Abstract Literature data as well as our own experimental results devoted to the complexation of polycarboxylic acids with various water-soluble polysaccharides (methylcellulose, hydroxyethylcellulose, hydroxypropylcellulose, hydroxypropylmethylcellulose, starch, and dextran) by means of hydrogen bonding are systematized and analyzed. The specific peculiarities of interpolymer complexes based on polysaccharides-polycarboxylic acids are demonstrated. The perspectives for the application of these interpolymer complexes are considered. It was shown that these materials possess good biocompatibility and adhesive properties. The promising directions for further study of interpolymer complexes between polycarboxylic acids and nonionic polysaccharides as well as existing gaps in the knowledge in this field are pointed out. Formation of compact IPCs and hydrophilic interpolymer associates. [source]

    Sulphated Polysaccharides: New Insight in the Prevention of Cyclosporine A-Induced Glomerular Injury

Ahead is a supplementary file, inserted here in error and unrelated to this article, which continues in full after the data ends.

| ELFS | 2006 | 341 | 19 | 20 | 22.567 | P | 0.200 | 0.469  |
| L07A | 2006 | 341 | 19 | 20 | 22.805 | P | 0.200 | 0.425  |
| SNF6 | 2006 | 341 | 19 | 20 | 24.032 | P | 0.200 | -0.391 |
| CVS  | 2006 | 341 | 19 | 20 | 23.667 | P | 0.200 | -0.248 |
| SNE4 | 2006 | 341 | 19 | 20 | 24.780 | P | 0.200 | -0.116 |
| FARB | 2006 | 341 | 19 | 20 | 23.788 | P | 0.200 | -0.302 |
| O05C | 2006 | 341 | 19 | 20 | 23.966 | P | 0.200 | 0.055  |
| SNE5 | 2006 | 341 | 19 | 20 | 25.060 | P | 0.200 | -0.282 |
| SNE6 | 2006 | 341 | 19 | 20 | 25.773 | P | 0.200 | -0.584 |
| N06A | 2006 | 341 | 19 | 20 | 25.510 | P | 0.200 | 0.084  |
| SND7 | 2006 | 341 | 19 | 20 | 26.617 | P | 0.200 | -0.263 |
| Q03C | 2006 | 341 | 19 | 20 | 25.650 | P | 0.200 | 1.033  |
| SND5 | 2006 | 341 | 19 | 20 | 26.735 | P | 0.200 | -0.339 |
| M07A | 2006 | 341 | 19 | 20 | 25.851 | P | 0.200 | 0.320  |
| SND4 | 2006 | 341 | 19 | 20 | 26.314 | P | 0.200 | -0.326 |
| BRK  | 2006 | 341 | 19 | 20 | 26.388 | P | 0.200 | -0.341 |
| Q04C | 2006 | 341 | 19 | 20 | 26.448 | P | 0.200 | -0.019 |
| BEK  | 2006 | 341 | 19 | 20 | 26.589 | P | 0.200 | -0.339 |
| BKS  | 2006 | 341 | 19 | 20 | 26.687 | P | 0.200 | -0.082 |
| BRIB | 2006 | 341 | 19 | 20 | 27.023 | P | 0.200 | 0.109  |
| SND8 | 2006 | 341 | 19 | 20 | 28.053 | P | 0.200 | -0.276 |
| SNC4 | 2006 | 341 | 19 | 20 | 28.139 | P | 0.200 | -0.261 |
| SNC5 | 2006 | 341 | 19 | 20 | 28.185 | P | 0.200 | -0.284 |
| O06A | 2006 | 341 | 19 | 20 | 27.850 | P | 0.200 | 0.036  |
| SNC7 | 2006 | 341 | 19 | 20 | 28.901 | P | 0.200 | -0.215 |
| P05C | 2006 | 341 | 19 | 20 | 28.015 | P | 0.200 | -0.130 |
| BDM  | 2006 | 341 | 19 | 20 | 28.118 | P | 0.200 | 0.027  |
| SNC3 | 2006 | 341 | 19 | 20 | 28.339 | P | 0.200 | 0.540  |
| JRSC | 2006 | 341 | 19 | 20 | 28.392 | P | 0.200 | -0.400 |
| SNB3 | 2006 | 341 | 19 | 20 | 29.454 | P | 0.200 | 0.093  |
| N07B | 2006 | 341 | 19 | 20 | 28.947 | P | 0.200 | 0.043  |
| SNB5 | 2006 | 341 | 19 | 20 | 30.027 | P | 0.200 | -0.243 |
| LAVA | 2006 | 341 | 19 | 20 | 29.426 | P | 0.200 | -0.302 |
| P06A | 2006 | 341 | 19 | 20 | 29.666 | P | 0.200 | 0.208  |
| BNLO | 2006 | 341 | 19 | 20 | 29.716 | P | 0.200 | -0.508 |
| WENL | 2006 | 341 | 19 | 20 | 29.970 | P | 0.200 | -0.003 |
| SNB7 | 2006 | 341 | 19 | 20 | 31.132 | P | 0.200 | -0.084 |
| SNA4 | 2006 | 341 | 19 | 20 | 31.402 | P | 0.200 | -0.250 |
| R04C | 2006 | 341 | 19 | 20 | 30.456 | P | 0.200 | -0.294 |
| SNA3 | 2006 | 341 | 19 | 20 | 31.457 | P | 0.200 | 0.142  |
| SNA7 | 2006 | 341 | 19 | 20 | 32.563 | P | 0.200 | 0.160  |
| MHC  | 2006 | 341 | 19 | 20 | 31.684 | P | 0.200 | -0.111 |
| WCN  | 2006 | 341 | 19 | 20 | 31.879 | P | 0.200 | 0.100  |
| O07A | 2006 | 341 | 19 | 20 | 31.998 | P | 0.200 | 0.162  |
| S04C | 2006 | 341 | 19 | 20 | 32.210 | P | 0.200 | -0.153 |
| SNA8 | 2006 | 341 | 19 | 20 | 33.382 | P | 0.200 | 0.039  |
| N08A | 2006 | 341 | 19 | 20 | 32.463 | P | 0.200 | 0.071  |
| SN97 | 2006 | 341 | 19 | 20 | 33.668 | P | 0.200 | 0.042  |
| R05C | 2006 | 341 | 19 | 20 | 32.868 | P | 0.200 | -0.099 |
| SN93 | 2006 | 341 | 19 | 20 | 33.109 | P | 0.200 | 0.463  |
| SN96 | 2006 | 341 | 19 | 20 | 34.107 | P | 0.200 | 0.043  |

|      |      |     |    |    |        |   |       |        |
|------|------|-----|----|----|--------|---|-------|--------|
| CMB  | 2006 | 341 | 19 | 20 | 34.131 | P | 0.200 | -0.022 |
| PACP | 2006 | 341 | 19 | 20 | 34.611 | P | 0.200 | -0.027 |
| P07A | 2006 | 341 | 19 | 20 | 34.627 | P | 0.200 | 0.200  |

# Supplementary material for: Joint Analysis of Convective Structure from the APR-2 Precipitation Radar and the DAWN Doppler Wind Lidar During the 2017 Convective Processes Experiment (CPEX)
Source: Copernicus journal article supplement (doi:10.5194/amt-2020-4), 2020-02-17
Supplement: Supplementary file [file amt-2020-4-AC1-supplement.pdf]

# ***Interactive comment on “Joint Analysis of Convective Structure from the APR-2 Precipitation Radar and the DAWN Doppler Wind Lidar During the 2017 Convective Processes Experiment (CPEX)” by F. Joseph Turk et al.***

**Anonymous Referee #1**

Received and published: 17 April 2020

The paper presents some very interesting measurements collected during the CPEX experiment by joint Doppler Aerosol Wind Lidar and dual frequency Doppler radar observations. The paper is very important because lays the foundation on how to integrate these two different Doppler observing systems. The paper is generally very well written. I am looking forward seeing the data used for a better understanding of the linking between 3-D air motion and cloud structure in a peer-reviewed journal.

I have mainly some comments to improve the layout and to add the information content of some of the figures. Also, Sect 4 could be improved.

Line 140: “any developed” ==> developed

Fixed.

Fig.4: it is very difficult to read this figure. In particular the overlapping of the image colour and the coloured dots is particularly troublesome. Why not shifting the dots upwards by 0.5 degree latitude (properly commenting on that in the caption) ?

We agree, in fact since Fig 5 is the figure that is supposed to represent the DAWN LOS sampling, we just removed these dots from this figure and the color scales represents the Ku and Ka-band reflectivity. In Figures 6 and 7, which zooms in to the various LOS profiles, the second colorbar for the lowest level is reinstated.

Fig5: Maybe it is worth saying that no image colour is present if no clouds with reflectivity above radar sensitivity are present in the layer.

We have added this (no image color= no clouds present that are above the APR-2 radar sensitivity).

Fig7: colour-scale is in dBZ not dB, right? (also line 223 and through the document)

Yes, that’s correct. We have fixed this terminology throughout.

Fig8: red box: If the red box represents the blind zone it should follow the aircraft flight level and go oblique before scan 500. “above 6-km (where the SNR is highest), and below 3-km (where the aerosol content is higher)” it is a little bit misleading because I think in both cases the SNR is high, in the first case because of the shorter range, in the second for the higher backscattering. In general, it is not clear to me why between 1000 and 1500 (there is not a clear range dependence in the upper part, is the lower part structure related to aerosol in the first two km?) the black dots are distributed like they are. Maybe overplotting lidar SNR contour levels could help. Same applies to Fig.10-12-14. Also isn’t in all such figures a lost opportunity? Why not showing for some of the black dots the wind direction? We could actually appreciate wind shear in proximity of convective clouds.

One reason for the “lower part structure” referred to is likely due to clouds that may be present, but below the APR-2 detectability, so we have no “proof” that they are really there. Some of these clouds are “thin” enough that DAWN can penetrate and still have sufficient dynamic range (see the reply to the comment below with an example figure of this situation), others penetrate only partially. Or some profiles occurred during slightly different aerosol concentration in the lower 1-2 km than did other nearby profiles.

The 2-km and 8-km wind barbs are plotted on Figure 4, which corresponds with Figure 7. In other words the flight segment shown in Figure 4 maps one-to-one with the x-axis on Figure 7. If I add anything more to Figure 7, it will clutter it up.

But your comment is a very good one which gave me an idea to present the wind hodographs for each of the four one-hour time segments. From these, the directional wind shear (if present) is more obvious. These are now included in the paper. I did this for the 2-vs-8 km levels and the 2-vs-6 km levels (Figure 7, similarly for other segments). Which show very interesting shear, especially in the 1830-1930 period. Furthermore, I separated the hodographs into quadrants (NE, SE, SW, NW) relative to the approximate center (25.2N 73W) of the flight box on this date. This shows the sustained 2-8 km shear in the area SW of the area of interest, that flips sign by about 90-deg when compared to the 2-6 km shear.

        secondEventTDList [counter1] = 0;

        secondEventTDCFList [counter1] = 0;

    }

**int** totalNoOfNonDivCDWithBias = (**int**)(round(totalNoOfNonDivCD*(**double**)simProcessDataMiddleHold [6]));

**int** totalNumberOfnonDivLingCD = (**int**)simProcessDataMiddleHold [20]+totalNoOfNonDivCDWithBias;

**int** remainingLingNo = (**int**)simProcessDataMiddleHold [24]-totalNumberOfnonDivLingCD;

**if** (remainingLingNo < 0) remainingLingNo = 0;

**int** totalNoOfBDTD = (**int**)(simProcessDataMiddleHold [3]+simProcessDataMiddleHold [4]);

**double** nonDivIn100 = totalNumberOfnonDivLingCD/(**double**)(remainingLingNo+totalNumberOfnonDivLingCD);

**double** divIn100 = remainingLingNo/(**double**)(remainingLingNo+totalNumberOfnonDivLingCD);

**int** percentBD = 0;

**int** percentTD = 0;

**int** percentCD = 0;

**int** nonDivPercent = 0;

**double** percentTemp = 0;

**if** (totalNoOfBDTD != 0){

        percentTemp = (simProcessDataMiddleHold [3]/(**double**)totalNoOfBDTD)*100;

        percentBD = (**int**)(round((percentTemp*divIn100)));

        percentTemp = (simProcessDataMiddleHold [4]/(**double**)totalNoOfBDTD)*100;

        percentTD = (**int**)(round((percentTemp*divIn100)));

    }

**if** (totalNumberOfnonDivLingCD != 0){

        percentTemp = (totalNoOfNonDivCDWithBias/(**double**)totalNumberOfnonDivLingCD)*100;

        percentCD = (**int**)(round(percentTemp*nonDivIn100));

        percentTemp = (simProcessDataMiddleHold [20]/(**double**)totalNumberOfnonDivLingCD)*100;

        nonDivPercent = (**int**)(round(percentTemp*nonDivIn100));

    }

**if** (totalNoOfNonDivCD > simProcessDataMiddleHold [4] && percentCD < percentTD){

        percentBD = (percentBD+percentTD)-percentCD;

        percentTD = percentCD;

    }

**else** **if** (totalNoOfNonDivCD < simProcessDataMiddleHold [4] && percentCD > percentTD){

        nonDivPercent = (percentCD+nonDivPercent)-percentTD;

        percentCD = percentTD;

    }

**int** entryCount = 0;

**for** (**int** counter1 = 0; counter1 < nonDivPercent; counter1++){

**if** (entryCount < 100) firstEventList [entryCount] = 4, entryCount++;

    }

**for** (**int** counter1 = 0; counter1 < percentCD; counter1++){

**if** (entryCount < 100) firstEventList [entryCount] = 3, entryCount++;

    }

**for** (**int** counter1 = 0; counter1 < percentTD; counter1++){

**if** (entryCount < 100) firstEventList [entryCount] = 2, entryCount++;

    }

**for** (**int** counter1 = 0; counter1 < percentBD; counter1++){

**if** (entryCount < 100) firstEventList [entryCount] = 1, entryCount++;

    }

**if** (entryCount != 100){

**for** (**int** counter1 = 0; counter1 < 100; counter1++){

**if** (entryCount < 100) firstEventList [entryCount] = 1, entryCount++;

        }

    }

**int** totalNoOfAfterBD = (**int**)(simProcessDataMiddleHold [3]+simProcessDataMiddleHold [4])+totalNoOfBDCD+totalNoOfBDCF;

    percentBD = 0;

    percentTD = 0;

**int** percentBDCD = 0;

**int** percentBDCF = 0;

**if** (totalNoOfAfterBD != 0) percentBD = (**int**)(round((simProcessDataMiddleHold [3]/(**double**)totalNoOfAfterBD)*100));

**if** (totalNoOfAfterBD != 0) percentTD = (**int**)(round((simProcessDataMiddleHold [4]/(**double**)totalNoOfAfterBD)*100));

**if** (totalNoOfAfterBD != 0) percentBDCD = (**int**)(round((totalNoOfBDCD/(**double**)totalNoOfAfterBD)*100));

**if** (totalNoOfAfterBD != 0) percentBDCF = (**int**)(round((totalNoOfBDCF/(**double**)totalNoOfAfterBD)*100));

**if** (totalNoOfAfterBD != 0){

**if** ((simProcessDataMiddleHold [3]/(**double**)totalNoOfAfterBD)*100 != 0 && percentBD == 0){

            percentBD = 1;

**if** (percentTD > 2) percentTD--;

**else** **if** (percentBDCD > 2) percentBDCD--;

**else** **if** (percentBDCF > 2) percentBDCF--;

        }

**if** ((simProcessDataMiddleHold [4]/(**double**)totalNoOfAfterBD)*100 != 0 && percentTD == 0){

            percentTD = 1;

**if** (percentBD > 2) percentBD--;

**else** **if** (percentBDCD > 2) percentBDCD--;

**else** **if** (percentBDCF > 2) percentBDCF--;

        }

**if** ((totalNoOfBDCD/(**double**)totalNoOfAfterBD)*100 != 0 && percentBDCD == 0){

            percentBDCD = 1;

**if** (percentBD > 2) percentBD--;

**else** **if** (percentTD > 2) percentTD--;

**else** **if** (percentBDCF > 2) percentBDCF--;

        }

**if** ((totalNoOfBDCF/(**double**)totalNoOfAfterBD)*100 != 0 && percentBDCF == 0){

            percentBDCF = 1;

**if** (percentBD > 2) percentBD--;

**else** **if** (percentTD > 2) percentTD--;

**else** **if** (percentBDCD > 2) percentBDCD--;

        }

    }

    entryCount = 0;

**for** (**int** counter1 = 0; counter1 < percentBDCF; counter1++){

Anthony Josephine
    Nephrotoxicity induced by cyclosporine A continues to be a major problem despite its potent immunosuppressive action. Adult male albino rats of Wistar strain were categorized into four groups. Two groups (II and IV) were administered cyclosporine A (25 mg/kg body weight, orally) for 21 days, in which Group IV rats were also treated simultaneously with sulphated polysaccharides (5 mg/kg body weight, subcutaneously) for the same period. A significant loss in body weight was noted in the cyclosporine A-induced rats. Renal damage was assessed in terms of decreased creatinine clearance and increased activity of lysosomal enzymes. The levels of glycoproteins were found to be decreased in the renal tissue, and a noticeable rise in glycosaminoglycanuria coupled with marked proteinuria was more prominent in the cyclosporine A-induced animals. Furthermore, the extent of kidney damage was assessed by histopathological findings. Toxic manifestations were also confirmed by transmission electron microscopic studies. These morphological abnormalities and other alterations in the renal tissue were significantly offset by sulphated polysaccharides supplementation. These findings underline that restoration of normal cells accredits sulphated polysaccharides, from Sargassum wightii, with nephroprotective role, against cyclosporine A-induced renal injury. [source]